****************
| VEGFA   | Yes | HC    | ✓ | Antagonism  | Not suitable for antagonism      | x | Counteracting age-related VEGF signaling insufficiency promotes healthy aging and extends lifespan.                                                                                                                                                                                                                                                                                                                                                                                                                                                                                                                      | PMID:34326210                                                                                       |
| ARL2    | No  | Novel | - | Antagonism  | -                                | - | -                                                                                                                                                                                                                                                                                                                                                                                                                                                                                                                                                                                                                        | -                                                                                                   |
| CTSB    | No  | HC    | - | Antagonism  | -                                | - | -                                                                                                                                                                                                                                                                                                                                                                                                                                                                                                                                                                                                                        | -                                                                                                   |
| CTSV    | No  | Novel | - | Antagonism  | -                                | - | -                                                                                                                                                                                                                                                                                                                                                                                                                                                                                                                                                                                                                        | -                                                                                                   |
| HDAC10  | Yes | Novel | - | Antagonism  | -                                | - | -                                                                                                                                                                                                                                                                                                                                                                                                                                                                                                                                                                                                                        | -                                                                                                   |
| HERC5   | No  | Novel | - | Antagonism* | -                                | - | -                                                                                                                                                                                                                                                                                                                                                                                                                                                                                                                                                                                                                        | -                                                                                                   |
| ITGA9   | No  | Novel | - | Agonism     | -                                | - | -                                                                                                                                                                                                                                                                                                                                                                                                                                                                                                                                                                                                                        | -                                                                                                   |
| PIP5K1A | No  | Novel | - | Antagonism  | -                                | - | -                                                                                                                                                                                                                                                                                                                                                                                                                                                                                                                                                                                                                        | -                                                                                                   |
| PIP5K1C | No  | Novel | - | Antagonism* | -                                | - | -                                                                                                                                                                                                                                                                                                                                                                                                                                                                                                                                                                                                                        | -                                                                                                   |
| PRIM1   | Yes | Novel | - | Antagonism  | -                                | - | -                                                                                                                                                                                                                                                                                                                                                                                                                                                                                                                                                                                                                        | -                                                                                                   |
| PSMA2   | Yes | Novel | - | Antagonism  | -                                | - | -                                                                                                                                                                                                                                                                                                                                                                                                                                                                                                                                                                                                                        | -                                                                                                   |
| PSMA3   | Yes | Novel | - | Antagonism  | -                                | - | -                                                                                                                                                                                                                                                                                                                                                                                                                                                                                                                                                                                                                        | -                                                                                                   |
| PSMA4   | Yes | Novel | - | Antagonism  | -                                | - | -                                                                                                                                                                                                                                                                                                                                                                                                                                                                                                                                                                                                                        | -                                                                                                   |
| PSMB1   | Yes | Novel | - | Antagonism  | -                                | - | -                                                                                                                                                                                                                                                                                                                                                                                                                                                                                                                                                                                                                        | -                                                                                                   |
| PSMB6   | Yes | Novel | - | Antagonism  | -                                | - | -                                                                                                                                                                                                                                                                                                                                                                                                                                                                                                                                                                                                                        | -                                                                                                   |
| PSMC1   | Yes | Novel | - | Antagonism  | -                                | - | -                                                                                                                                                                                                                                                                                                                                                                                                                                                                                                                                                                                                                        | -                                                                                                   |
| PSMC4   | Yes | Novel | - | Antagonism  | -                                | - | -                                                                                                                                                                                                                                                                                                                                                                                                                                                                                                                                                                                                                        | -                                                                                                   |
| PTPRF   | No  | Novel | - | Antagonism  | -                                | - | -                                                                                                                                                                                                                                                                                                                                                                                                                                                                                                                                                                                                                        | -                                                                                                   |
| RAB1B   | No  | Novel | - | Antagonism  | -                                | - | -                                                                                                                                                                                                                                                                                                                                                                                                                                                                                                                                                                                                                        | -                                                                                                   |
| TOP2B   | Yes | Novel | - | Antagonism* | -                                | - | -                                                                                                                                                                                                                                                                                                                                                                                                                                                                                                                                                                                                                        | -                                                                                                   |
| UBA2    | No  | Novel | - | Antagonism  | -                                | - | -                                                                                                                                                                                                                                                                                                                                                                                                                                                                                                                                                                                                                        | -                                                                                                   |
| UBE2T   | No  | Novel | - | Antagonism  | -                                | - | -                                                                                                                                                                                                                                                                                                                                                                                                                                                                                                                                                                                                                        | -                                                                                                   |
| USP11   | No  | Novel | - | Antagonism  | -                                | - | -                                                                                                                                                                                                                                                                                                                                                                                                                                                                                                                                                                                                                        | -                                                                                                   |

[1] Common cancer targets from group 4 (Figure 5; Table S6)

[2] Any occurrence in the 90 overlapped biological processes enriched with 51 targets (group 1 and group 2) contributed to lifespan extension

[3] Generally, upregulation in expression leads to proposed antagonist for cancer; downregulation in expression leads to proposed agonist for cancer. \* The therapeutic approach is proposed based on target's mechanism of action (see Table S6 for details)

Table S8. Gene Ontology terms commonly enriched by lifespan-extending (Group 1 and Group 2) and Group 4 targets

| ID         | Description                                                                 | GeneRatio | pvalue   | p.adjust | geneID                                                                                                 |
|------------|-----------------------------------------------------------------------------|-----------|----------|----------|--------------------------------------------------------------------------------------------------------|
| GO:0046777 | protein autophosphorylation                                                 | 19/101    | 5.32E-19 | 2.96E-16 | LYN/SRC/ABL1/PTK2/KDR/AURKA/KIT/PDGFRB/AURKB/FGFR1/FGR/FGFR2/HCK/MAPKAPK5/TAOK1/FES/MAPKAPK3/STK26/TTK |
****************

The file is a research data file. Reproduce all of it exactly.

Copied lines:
| VEGFA   | Yes | HC    | ✓ | Antagonism  | Not suitable for antagonism      | x | Counteracting age-related VEGF signaling insufficiency promotes healthy aging and extends lifespan.                                                                                                                                                                                                                                                                                                                                                                                                                                                                                                                      | PMID:34326210                                                                                       |
| ARL2    | No  | Novel | - | Antagonism  | -                                | - | -                                                                                                                                                                                                                                                                                                                                                                                                                                                                                                                                                                                                                        | -                                                                                                   |
| CTSB    | No  | HC    | - | Antagonism  | -                                | - | -                                                                                                                                                                                                                                                                                                                                                                                                                                                                                                                                                                                                                        | -                                                                                                   |
| CTSV    | No  | Novel | - | Antagonism  | -                                | - | -                                                                                                                                                                                                                                                                                                                                                                                                                                                                                                                                                                                                                        | -                                                                                                   |
| HDAC10  | Yes | Novel | - | Antagonism  | -                                | - | -                                                                                                                                                                                                                                                                                                                                                                                                                                                                                                                                                                                                                        | -                                                                                                   |
| HERC5   | No  | Novel | - | Antagonism* | -                                | - | -                                                                                                                                                                                                                                                                                                                                                                                                                                                                                                                                                                                                                        | -                                                                                                   |
| ITGA9   | No  | Novel | - | Agonism     | -                                | - | -                                                                                                                                                                                                                                                                                                                                                                                                                                                                                                                                                                                                                        | -                                                                                                   |
| PIP5K1A | No  | Novel | - | Antagonism  | -                                | - | -                                                                                                                                                                                                                                                                                                                                                                                                                                                                                                                                                                                                                        | -                                                                                                   |
| PIP5K1C | No  | Novel | - | Antagonism* | -                                | - | -                                                                                                                                                                                                                                                                                                                                                                                                                                                                                                                                                                                                                        | -                                                                                                   |
| PRIM1   | Yes | Novel | - | Antagonism  | -                                | - | -                                                                                                                                                                                                                                                                                                                                                                                                                                                                                                                                                                                                                        | -                                                                                                   |
| PSMA2   | Yes | Novel | - | Antagonism  | -                                | - | -                                                                                                                                                                                                                                                                                                                                                                                                                                                                                                                                                                                                                        | -                                                                                                   |
| PSMA3   | Yes | Novel | - | Antagonism  | -                                | - | -                                                                                                                                                                                                                                                                                                                                                                                                                                                                                                                                                                                                                        | -                                                                                                   |
| PSMA4   | Yes | Novel | - | Antagonism  | -                                | - | -                                                                                                                                                                                                                                                                                                                                                                                                                                                                                                                                                                                                                        | -                                                                                                   |
| PSMB1   | Yes | Novel | - | Antagonism  | -                                | - | -                                                                                                                                                                                                                                                                                                                                                                                                                                                                                                                                                                                                                        | -                                                                                                   |
| PSMB6   | Yes | Novel | - | Antagonism  | -                                | - | -                                                                                                                                                                                                                                                                                                                                                                                                                                                                                                                                                                                                                        | -                                                                                                   |
| PSMC1   | Yes | Novel | - | Antagonism  | -                                | - | -                                                                                                                                                                                                                                                                                                                                                                                                                                                                                                                                                                                                                        | -                                                                                                   |
| PSMC4   | Yes | Novel | - | Antagonism  | -                                | - | -                                                                                                                                                                                                                                                                                                                                                                                                                                                                                                                                                                                                                        | -                                                                                                   |
| PTPRF   | No  | Novel | - | Antagonism  | -                                | - | -                                                                                                                                                                                                                                                                                                                                                                                                                                                                                                                                                                                                                        | -                                                                                                   |
| RAB1B   | No  | Novel | - | Antagonism  | -                                | - | -                                                                                                                                                                                                                                                                                                                                                                                                                                                                                                                                                                                                                        | -                                                                                                   |
| TOP2B   | Yes | Novel | - | Antagonism* | -                                | - | -                                                                                                                                                                                                                                                                                                                                                                                                                                                                                                                                                                                                                        | -                                                                                                   |
| UBA2    | No  | Novel | - | Antagonism  | -                                | - | -                                                                                                                                                                                                                                                                                                                                                                                                                                                                                                                                                                                                                        | -                                                                                                   |
| UBE2T   | No  | Novel | - | Antagonism  | -                                | - | -                                                                                                                                                                                                                                                                                                                                                                                                                                                                                                                                                                                                                        | -                                                                                                   |
| USP11   | No  | Novel | - | Antagonism  | -                                | - | -                                                                                                                                                                                                                                                                                                                                                                                                                                                                                                                                                                                                                        | -                                                                                                   |

[1] Common cancer targets from group 4 (Figure 5; Table S6)

[2] Any occurrence in the 90 overlapped biological processes enriched with 51 targets (group 1 and group 2) contributed to lifespan extension

[3] Generally, upregulation in expression leads to proposed antagonist for cancer; downregulation in expression leads to proposed agonist for cancer. \* The therapeutic approach is proposed based on target's mechanism of action (see Table S6 for details)

Table S8. Gene Ontology terms commonly enriched by lifespan-extending (Group 1 and Group 2) and Group 4 targets

| ID         | Description                                                                 | GeneRatio | pvalue   | p.adjust | geneID                                                                                                 |
|------------|-----------------------------------------------------------------------------|-----------|----------|----------|--------------------------------------------------------------------------------------------------------|
| GO:0046777 | protein autophosphorylation                                                 | 19/101    | 5.32E-19 | 2.96E-16 | LYN/SRC/ABL1/PTK2/KDR/AURKA/KIT/PDGFRB/AURKB/FGFR1/FGR/FGFR2/HCK/MAPKAPK5/TAOK1/FES/MAPKAPK3/STK26/TTK |